Shilpa speaks to Marcus from musivv about her views in life, music, women empowerment and mental health

Performing under her first name, her work harks back to soul and jazz clubs with smoke descending in the air,

singing poignant tales of love and women empowerment in a lilting, reflective voice that echoes Ella Fitzgerald’s tone, or even Sarah Vaughan’s.

Shilpa Ananth performing live at the Expo 2020. Photography by Mahmoud Essam.

Her long and arduous musical journey is like a juvenile kid—tossed into the water—learning how to swim for the first time. "I was thrown into the music arena at a very young age," she shares with musivv. Shilpa Ananth's parents overheard her humming a film song in the corner of her room at age three. "They were like, 'What is a three-year-old doing singing a song?'" That unintentional audition led her parents to enroll her in an Indian classical music school. "In my teens, I started getting more and more into Western-style music, listening to jazz, R&B, hip hop and pop. She instantaneously gravitated toward these genres she considered "another world." Shilpa started experimenting with her voice thinking, "how do I sound if I sing like Nina Simone or Etta James?" She appears to be an old soul beyond her years with a peculiar penchant for the oldies even in childhood.

With the societal perception of the entertainment industry as a corrupt cesspool not worth calling a profession, coupled with a general lack of resources and support, Shilpa realized that the journey would be challenging, potentially the biggest fight of her life. Her drive? She just knew she had a passion for music. "I wanted to do it, I wanted to learn more about this," she recalls, "I wanted to go to school for it." Despite her parent's disapproval. "They're very afraid of a background that nobody in my family has taken as a career." Add in the mix the entire clan coming from a background of engineers, doctors, lawyers, businessmen and bankers, and she felt like an anomaly. "I always wanted something different from everyone else I knew," she says.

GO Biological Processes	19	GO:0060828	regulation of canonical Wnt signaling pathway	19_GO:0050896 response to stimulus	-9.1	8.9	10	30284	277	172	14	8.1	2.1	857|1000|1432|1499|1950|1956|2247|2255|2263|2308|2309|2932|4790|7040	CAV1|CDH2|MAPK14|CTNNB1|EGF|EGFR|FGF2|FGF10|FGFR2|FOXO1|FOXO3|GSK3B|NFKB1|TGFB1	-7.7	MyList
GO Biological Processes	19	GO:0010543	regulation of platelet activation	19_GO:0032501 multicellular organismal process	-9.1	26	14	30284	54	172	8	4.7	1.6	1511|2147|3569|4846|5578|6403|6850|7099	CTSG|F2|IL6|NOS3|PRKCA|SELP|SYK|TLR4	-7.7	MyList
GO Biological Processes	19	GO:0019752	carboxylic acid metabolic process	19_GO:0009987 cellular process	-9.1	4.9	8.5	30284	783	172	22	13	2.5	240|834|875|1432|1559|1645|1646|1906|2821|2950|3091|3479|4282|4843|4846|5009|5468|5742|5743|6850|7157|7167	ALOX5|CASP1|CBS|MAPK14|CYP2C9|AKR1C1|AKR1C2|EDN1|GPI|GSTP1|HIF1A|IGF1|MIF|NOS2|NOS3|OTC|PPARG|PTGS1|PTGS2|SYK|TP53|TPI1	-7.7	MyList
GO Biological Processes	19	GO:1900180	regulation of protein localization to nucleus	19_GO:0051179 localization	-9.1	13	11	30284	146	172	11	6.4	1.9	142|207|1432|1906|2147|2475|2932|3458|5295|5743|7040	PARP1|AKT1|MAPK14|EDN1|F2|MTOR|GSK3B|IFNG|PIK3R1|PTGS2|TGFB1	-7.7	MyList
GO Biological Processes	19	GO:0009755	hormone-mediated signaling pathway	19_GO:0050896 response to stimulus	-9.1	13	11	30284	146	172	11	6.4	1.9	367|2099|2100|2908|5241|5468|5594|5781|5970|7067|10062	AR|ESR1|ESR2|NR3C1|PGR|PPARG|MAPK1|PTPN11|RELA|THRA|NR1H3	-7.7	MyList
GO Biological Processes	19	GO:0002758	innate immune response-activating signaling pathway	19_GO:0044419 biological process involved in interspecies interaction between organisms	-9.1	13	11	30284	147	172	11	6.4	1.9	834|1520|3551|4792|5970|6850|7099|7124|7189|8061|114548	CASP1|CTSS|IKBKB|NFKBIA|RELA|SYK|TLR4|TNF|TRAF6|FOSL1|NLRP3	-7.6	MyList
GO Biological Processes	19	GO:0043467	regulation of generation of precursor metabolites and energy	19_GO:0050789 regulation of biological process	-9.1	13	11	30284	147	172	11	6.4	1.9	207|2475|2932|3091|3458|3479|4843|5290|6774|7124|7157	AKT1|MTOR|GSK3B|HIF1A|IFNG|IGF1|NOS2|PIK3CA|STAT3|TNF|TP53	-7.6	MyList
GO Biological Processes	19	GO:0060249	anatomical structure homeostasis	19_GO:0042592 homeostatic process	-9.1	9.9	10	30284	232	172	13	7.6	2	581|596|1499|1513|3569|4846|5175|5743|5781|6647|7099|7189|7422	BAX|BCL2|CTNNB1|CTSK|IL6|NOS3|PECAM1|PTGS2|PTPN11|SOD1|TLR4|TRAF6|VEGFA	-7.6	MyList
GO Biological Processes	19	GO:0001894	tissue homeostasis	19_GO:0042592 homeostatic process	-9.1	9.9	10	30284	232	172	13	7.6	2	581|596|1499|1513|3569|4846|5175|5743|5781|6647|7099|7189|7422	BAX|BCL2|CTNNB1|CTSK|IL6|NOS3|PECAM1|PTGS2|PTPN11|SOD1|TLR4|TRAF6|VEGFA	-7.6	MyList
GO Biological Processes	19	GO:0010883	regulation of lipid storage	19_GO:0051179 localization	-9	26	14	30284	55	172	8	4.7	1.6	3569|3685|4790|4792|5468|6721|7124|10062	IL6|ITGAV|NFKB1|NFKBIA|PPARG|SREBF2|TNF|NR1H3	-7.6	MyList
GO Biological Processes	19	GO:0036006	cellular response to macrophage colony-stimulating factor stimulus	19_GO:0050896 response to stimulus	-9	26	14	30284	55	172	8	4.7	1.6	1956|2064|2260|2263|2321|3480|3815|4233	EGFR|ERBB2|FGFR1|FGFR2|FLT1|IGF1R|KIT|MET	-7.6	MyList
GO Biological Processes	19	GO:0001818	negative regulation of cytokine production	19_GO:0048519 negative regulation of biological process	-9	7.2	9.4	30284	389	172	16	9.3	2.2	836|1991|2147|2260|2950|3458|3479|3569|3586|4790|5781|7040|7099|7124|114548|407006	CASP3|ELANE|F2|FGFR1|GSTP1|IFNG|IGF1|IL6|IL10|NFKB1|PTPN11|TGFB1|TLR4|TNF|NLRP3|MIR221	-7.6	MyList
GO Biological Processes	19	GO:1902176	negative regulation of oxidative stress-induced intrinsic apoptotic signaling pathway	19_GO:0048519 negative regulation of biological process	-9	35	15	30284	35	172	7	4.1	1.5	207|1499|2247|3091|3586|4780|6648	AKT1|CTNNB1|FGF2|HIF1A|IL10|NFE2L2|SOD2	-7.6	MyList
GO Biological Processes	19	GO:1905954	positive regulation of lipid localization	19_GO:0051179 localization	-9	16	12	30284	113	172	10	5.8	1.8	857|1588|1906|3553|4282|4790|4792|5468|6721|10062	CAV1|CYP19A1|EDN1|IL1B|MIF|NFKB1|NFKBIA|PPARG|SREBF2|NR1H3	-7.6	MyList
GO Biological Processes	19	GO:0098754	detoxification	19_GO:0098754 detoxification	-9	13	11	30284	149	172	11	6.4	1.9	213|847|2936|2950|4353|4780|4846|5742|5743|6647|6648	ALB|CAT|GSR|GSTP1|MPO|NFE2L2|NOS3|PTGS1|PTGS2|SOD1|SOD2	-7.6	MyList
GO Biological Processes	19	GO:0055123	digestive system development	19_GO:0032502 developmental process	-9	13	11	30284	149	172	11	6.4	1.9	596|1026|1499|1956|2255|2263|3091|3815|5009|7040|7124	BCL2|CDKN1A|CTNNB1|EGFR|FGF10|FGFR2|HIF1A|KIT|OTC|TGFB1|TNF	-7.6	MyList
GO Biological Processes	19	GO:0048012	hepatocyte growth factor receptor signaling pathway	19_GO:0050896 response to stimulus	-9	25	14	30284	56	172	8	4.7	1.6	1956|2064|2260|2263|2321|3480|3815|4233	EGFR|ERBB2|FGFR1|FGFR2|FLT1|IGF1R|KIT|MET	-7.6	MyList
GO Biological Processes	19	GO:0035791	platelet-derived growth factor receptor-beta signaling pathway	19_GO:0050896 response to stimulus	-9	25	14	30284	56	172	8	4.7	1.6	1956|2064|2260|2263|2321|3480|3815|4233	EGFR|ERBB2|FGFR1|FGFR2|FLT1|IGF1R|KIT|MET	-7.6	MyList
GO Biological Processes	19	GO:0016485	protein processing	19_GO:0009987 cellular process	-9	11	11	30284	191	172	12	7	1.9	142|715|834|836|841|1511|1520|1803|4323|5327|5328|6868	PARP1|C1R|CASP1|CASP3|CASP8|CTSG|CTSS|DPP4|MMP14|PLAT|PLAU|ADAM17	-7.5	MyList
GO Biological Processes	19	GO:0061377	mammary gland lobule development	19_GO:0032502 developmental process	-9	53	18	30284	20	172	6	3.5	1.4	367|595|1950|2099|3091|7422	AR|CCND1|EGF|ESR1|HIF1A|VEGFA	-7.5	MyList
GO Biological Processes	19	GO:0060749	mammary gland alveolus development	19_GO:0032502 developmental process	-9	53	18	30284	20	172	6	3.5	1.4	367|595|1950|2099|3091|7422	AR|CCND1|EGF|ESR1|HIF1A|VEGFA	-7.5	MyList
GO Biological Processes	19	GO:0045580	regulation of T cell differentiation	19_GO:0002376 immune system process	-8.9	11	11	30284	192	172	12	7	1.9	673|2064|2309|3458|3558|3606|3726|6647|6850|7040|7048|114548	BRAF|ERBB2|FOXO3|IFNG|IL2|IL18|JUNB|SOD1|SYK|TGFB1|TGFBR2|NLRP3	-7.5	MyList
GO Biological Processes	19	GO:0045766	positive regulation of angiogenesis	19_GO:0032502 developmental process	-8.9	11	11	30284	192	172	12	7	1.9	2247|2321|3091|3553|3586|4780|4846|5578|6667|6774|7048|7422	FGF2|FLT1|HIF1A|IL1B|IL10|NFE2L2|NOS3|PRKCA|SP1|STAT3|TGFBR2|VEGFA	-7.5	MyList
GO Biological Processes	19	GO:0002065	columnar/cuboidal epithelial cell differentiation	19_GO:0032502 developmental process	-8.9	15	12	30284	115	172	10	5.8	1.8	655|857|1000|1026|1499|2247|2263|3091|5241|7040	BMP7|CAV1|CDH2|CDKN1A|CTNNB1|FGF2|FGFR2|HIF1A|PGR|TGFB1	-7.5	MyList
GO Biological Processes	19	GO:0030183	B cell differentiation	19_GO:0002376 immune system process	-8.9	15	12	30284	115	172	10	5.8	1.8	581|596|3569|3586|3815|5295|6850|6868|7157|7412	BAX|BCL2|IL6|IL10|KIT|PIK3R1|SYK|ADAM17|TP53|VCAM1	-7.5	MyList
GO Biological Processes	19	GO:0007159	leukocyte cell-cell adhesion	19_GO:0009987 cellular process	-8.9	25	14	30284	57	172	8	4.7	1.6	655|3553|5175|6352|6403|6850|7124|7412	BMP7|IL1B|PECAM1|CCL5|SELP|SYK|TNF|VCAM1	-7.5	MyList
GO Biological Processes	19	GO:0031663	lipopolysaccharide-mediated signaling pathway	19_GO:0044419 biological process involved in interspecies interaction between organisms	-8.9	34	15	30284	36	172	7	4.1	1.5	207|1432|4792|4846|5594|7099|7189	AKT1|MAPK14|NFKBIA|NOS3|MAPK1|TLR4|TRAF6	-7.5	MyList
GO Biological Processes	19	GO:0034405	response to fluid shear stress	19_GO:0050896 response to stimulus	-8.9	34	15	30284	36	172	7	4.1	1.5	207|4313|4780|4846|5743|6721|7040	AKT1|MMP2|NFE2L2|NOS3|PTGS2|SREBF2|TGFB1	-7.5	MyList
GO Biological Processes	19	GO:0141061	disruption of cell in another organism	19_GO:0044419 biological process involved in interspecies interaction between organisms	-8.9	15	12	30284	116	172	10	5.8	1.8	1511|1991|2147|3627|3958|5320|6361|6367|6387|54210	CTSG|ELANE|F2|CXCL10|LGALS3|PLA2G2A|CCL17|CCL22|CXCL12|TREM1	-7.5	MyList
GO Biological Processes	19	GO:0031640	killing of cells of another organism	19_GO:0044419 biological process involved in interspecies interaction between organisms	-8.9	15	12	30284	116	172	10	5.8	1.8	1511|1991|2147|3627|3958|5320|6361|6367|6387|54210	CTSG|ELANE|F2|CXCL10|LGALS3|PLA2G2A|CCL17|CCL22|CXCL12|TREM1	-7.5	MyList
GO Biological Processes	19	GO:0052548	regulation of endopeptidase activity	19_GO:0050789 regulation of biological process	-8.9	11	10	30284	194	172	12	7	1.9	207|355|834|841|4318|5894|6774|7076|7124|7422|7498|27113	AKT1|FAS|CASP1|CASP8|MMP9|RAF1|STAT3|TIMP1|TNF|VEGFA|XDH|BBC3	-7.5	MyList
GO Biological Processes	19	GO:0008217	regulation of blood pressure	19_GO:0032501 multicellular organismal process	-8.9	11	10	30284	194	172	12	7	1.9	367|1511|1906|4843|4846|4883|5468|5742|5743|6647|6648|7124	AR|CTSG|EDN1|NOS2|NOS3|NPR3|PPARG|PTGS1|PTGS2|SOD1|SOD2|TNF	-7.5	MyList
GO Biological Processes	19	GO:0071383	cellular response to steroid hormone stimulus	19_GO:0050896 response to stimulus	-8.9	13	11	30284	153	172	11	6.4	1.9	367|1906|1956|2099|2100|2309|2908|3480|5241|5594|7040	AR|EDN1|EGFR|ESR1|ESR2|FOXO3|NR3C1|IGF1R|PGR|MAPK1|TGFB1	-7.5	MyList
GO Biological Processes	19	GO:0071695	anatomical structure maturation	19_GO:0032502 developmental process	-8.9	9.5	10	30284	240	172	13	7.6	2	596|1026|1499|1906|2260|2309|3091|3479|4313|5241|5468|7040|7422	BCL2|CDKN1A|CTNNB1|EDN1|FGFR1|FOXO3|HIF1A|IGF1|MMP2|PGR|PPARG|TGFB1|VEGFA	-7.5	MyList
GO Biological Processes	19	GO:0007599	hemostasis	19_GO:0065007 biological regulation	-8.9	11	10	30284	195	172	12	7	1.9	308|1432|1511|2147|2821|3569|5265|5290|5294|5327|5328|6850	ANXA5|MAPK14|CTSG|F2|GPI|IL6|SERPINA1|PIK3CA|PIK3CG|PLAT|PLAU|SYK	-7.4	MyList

"It's still pretty tough, I feel," admits the self-proclaimed melodic activist raising her closed hands in the air for women's empowerment. "This is why I was born, to use my art."

"[Music] is not something I'm doing on a whim. This is my life purpose."

Her calling in life is out of the ordinary.

An open door came when Berklee College of Music held an audition in India where Shilpa was completing her "duty to her parents and social responsibility." Her life completely changed when she landed a scholarship at Berklee College of Music and subsequently moved to Boston, USA. "I moved to New York as soon as I graduated." For six years, Shilpa toured and performed around iconic venues—Apollo Music Theater and Blue Note Jazz Club to name a few.

Women Empowerment

Until very recently, “patriarchy” was not something men were even supposed to believe in, let alone dilate upon with such apocalyptic relish. It was the sort of word that, if uttered without irony, marked out the speaker as a very particular type of person. Coming from the kind of culture that Shilpa's coming from, where she felt women come in second in a patriarchal society. Living in the stigma of a woman's life cycle of going from one's father, then husband to a son's house. "This is the woman I know. Things are changing. Over time," she recalls.